By Arab News
By Rasheed Abou-Alsamh*
The announcement on Feb. 24 by the United Arab Emirates that it will be introducing a value-added tax (VAT) of 5 percent on goods and services from Jan. 1, 2018, was widely expected and set the ball rolling for other Gulf Cooperation Council (GCC) members to follow suit.
With oil prices at rock-bottom levels — Brent crude was recently at $33.03 a barrel — the GCC countries had agreed to introduce a tax on the added value of goods and services by 2018. This is revolutionary for a region that has never had this kind of tax, and that to this day has no income tax. This lack of an income tax has always made the Gulf countries very attractive to foreign workers who can go to work for a few years in Saudi Arabia or the UAE and accumulate a good amount of money without paying tax, neither here nor in their home countries.
The rulers also gave generous subsidies to their people, which allowed them to have a good standard of living. Free education through university, medical care for free, and low electricity, water and gasoline prices were all perks that our people enjoyed. But with this economic crisis that began last year, triggered by the rapid fall in oil prices, the governments of the GCC have had to cut spending and find new sources of revenue.
The Saudi government has increased the price of gasoline at the pump by 60 percent, and increased electricity and water tariffs as well. But even with these cuts in spending and increases in prices, Gulf governments have seen that these will not be enough to make up for the shortfall in their fiscal budgets. Even with the cutting or deferring of some of the big projects in their budgets, many Gulf governments are still in the red. That is why the introduction of a VAT on goods and services is seen as so important.
According to the Emirati political commentator, Sultan Al-Qassemi, “The collapse of several Arab countries and the emergence of Daesh have fueled a sense of urgency within the GCC to isolate their countries from the chaos around them…”
“There is no plan to impose an income tax on individuals,” said the UAE Finance Minister Obaid Humaid Al-Tayer in December 2015. “We did a study to introduce fees on foreign workers’ money remittances in the United Arab Emirates, but no decision has been made yet as we need to study the size of these remittances.”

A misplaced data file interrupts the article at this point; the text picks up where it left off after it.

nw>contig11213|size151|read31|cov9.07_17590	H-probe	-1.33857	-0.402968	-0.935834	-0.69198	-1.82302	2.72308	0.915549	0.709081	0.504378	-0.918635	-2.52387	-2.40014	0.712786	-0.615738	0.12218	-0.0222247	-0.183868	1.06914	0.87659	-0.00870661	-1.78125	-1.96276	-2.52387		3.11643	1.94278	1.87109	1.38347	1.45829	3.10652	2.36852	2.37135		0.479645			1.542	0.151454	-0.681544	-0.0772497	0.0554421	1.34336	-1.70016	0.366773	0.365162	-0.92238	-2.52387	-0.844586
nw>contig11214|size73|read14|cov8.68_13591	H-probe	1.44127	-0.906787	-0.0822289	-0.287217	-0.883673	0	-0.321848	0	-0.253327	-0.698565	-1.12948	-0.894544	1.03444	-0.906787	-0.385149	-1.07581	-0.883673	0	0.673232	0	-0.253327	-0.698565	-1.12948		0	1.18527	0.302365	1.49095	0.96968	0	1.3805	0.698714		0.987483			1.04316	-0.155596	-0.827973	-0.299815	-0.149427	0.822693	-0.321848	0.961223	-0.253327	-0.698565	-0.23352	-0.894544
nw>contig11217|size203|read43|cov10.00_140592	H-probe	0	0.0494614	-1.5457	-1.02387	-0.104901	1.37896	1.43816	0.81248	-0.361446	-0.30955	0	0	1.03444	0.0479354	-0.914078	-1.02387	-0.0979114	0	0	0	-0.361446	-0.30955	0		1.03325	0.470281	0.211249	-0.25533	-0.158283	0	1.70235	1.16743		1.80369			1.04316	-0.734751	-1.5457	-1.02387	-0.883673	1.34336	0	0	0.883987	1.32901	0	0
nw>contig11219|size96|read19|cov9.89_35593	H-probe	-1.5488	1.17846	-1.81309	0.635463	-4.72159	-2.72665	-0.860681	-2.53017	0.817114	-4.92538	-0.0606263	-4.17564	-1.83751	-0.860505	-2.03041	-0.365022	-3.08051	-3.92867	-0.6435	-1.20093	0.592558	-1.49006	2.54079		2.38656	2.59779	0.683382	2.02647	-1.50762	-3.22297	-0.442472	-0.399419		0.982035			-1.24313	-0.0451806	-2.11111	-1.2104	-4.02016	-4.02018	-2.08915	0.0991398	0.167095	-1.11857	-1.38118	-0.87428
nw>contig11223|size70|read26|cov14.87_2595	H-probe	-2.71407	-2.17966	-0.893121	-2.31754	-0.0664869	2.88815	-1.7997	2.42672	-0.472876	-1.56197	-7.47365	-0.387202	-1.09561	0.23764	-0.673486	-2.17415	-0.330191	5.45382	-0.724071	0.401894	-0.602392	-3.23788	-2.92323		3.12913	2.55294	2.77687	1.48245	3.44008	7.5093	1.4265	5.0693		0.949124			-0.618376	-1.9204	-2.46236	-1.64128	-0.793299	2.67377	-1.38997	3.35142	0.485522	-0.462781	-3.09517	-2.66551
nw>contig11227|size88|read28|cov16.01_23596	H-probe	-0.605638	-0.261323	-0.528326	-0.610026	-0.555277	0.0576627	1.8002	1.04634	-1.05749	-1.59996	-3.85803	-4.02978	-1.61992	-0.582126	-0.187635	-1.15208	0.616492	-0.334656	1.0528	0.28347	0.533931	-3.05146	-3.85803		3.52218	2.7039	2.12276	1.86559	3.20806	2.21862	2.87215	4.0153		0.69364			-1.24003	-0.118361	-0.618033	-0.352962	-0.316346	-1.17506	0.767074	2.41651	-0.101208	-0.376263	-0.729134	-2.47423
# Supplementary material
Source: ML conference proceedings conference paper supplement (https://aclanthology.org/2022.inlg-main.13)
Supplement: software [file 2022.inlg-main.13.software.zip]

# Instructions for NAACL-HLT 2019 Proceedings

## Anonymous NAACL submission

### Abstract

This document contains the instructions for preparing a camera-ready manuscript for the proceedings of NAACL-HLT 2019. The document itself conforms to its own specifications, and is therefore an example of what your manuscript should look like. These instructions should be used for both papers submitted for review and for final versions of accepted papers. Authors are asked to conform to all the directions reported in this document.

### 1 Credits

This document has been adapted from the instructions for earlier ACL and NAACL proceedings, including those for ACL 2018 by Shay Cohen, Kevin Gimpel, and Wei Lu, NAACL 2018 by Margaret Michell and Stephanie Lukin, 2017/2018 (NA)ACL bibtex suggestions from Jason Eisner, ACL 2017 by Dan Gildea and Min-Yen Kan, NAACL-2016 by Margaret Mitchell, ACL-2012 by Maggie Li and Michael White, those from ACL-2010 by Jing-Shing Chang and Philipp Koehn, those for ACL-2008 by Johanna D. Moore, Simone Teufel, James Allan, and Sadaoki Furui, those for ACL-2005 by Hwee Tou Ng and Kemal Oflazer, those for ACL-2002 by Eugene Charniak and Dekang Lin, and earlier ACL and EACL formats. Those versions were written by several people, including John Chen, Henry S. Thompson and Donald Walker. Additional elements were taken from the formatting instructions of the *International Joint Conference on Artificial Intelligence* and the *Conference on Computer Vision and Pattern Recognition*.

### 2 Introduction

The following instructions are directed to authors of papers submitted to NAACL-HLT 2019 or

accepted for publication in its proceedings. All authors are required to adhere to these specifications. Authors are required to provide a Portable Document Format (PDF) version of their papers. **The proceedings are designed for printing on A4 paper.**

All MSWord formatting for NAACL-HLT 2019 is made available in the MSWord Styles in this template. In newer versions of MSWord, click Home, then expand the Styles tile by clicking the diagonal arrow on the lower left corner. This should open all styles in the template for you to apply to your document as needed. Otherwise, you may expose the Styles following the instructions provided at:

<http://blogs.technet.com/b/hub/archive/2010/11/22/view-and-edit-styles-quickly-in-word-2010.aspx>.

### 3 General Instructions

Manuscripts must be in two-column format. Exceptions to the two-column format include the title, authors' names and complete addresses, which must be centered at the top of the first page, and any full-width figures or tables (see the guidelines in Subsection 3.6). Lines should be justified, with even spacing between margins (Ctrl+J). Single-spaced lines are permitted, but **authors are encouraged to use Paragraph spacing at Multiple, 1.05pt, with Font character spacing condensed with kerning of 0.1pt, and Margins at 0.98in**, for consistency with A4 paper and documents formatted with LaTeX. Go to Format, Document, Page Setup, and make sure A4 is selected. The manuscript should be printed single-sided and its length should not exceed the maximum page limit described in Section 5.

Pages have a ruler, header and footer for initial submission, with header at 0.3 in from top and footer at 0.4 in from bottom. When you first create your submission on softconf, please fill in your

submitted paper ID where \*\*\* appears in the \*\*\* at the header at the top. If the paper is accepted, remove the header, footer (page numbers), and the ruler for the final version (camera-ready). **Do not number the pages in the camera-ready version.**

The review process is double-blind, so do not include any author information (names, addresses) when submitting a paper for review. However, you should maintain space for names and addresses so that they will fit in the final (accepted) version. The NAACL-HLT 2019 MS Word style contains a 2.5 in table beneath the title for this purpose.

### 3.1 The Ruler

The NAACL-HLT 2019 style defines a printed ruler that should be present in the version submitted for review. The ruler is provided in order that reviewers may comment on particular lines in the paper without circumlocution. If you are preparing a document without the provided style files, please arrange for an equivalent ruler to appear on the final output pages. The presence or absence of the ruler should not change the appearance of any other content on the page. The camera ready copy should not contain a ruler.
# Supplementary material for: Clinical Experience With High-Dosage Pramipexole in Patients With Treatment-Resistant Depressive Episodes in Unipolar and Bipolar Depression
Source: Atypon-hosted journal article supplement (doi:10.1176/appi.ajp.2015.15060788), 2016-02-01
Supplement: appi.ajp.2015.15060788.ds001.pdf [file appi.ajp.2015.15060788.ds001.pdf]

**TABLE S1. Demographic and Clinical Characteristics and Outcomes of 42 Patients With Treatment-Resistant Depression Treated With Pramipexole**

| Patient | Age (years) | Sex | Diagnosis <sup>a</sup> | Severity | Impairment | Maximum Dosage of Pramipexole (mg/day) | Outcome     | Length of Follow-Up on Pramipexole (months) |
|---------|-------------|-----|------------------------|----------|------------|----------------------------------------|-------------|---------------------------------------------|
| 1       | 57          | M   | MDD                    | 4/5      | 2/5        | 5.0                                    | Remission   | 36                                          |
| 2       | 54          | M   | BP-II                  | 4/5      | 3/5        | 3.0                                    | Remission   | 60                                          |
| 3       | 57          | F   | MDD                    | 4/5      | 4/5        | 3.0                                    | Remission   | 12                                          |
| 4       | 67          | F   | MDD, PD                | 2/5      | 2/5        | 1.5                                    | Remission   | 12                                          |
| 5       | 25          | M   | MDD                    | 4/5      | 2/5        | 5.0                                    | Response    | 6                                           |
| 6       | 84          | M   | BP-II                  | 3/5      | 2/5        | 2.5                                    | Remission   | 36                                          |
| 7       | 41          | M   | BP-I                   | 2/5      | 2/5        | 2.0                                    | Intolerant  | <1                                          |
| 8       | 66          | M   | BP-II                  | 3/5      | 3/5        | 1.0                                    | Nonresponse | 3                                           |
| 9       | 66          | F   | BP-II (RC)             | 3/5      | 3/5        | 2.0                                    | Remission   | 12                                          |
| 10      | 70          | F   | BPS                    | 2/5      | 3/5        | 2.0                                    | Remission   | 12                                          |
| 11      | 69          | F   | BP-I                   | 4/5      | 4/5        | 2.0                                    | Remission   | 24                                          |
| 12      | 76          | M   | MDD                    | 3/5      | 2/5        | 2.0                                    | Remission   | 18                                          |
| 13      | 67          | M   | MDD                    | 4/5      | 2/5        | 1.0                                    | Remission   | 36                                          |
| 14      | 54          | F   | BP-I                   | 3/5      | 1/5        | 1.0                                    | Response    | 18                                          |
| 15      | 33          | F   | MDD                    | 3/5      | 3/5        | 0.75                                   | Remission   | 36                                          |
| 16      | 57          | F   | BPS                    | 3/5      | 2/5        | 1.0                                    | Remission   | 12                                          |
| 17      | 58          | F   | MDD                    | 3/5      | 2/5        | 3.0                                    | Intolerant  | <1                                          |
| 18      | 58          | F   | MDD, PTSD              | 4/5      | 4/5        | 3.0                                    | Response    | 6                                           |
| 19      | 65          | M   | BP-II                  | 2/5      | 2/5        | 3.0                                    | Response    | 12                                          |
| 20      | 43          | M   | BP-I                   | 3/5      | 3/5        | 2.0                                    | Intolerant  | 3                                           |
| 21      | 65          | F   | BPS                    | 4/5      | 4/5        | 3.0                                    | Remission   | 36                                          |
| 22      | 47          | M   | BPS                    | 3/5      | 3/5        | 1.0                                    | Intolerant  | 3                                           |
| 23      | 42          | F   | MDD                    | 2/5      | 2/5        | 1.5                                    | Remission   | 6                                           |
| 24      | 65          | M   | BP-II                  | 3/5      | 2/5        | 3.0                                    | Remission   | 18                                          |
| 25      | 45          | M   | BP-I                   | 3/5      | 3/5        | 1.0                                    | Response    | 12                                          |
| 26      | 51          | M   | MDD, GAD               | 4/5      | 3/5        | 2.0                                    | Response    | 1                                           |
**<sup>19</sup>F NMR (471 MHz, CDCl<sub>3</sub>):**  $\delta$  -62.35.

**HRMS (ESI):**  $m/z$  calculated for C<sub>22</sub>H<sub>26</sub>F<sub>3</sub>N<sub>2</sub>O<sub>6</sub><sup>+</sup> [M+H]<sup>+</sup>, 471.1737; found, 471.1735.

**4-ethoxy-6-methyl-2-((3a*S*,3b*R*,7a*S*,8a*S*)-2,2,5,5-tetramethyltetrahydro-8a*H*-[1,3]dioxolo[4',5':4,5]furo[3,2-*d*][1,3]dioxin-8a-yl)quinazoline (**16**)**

The International Monetary Fund has advised Gulf governments to introduce a modern system of tax collection. They see it as part of a package of fiscal measures including increasing domestic energy prices, containing recurrent expenditures such as salaries of public workers, and improving the efficiency of public sector investments. In a study presented at a summit of GCC finance ministers in Doha, Qatar, in November 2015, the IMF stressed the benefits that a consumption tax of 3 to 5 percent would bring to the countries involved. The Fund noted that oil revenues accounted for 70-95 percent of total revenues of the six GCC countries from 2011 to 2014. Therefore, it recommended that these governments increase their non-oil revenues, pointing to this VAT as a good means to achieve this.
The study notes that some Gulf states already have consumption taxes, such as Bahrain that charges a 5 percent tax on hotel stays, a 12 percent tax on the sale of gasoline, and Oman that charges a 2 percent consumption tax in electricity.
The Saudi and UAE governments have assured their populations that the new consumption tax will not be applied to a basic basket of 150 essential food items, medicines and education in a commendable effort to minimize the negative effects on its poorest citizens.
This new consumption tax will greatly help to balance the fiscal budgets of Gulf governments. The IMF estimated that a well-designed VAT could generate up to 1.5 to 2 percent of Gross Domestic Product (or 2.5 to 3.5 percent of non-oil GDP) in revenues of the GCC even at these relatively low VAT rates.
The IMF admits that at the first introduction of the VAT, inflation of up to 4 percent will be generated, but that with the close monitoring of prices by the governments involved, to curb possible abuses in price increases, the situation would return to normal quickly.
*The writer is a Saudi journalist based in Brazil.
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